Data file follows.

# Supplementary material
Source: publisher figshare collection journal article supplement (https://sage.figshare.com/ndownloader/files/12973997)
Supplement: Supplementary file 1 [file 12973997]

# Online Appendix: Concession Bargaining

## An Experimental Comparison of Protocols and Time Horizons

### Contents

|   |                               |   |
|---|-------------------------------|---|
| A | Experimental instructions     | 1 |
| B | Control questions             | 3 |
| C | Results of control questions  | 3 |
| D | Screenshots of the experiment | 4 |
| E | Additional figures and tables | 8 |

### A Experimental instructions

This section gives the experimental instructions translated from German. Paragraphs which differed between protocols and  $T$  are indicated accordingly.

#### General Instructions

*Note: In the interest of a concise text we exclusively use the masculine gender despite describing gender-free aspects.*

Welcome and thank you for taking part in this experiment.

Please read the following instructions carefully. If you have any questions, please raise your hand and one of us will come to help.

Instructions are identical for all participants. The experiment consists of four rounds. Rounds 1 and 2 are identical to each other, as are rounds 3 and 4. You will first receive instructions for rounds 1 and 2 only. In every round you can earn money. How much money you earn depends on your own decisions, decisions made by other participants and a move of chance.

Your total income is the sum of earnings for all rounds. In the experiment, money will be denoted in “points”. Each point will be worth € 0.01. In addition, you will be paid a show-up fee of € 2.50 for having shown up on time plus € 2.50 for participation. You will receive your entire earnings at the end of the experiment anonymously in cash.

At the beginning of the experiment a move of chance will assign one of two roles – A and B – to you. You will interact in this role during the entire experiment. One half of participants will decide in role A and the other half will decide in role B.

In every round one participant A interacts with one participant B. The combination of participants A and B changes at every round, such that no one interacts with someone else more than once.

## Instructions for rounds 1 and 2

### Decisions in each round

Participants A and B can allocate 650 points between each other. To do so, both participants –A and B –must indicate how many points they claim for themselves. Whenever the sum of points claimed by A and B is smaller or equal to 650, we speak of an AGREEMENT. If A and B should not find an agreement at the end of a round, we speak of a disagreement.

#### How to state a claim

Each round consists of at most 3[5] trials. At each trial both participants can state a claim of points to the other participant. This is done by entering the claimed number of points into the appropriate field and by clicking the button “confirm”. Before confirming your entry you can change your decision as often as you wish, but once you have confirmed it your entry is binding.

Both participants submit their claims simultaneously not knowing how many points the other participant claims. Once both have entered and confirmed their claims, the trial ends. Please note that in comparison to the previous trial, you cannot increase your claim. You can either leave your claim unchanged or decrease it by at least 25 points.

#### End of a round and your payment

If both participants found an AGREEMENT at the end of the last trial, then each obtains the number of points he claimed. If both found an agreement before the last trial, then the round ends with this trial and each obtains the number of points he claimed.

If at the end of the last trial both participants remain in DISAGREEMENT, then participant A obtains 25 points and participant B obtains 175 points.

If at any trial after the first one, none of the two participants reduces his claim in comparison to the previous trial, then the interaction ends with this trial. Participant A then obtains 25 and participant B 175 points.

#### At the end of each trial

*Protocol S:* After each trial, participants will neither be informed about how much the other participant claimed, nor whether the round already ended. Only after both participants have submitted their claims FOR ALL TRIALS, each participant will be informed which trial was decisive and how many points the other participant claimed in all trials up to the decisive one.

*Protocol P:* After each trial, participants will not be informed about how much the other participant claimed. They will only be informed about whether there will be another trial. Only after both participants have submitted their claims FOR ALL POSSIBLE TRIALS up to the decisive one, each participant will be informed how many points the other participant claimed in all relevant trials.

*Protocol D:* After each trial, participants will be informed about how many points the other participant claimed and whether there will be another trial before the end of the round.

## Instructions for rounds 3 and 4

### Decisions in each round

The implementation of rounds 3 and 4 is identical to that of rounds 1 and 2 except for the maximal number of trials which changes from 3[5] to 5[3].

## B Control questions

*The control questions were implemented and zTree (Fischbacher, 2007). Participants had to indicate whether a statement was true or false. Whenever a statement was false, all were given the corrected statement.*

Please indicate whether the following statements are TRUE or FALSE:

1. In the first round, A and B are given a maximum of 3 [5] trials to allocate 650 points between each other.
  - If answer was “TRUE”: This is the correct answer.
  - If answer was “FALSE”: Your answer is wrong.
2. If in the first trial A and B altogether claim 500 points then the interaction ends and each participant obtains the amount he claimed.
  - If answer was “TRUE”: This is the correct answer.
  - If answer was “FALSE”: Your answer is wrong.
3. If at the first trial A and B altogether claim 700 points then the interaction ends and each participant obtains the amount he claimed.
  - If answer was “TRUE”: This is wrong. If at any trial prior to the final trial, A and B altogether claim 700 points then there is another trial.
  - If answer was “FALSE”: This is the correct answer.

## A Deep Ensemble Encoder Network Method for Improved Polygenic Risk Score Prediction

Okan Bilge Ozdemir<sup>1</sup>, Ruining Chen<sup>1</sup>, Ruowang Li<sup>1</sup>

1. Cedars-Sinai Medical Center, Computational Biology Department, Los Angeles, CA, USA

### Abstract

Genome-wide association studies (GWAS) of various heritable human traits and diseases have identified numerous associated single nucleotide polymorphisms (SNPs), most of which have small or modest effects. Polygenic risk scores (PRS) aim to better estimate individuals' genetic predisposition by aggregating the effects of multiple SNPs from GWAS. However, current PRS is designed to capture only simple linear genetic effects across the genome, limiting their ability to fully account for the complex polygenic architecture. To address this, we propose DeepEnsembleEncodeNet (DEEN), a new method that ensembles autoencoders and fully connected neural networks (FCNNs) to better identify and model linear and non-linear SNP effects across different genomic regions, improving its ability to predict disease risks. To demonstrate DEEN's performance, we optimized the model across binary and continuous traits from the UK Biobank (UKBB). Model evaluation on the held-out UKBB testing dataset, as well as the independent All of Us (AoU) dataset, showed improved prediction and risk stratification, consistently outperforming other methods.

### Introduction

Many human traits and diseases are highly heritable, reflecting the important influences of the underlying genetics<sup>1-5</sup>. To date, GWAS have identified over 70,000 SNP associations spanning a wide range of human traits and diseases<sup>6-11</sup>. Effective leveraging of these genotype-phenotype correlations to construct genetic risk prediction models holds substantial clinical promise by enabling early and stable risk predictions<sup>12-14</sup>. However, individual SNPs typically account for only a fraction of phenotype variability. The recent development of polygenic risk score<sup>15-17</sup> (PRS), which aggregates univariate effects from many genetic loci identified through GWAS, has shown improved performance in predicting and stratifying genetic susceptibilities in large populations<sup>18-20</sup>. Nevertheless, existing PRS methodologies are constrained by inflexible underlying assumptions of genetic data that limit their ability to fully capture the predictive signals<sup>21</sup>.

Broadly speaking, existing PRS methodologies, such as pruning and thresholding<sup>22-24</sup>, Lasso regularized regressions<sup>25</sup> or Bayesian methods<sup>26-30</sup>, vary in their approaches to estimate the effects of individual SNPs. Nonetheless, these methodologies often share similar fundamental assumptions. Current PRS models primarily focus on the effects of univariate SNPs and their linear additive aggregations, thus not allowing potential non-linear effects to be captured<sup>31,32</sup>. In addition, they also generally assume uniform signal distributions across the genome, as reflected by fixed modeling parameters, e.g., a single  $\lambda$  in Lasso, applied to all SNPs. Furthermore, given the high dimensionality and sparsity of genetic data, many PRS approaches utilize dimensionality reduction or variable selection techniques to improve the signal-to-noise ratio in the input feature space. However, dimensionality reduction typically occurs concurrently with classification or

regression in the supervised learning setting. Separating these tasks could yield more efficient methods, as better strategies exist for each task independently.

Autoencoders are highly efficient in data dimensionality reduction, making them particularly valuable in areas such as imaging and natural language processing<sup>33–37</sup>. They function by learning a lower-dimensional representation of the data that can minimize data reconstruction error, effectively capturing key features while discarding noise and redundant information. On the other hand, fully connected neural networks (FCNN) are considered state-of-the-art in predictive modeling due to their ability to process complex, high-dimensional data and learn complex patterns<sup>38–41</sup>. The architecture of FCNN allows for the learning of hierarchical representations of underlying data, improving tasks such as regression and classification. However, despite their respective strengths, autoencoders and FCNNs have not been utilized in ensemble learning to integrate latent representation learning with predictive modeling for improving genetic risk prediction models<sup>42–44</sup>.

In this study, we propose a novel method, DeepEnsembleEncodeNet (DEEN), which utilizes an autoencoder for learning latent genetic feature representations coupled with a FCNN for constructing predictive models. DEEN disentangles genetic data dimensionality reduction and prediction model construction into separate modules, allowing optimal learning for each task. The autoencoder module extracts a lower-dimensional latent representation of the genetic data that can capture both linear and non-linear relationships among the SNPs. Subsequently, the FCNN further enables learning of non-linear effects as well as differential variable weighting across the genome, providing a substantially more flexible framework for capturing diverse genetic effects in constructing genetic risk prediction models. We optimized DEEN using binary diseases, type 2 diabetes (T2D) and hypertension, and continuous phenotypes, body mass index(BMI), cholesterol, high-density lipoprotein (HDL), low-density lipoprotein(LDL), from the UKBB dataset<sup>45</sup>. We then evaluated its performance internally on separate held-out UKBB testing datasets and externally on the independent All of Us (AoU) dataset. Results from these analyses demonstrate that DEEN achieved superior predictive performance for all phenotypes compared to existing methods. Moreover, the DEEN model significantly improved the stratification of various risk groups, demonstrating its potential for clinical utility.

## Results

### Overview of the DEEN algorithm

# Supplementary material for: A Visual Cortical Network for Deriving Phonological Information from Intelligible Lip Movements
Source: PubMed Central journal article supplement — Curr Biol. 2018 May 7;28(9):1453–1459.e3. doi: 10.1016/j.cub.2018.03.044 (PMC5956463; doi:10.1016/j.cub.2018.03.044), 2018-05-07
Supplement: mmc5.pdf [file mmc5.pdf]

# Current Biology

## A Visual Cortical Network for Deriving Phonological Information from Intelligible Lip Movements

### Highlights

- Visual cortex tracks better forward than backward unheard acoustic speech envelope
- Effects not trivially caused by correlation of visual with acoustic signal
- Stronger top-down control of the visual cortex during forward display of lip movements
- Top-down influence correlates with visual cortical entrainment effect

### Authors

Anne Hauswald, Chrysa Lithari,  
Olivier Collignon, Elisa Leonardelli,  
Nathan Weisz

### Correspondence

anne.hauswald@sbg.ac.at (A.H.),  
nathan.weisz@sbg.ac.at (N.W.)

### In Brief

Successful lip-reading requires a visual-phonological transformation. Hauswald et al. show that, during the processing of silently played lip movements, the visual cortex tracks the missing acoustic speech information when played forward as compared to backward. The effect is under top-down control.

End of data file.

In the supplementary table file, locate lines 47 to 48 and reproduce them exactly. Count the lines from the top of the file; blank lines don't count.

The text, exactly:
2. If in the first trial A and B altogether claim 500 points then the interaction ends and each participant obtains the amount he claimed.
  - If answer was “TRUE”: This is the correct answer.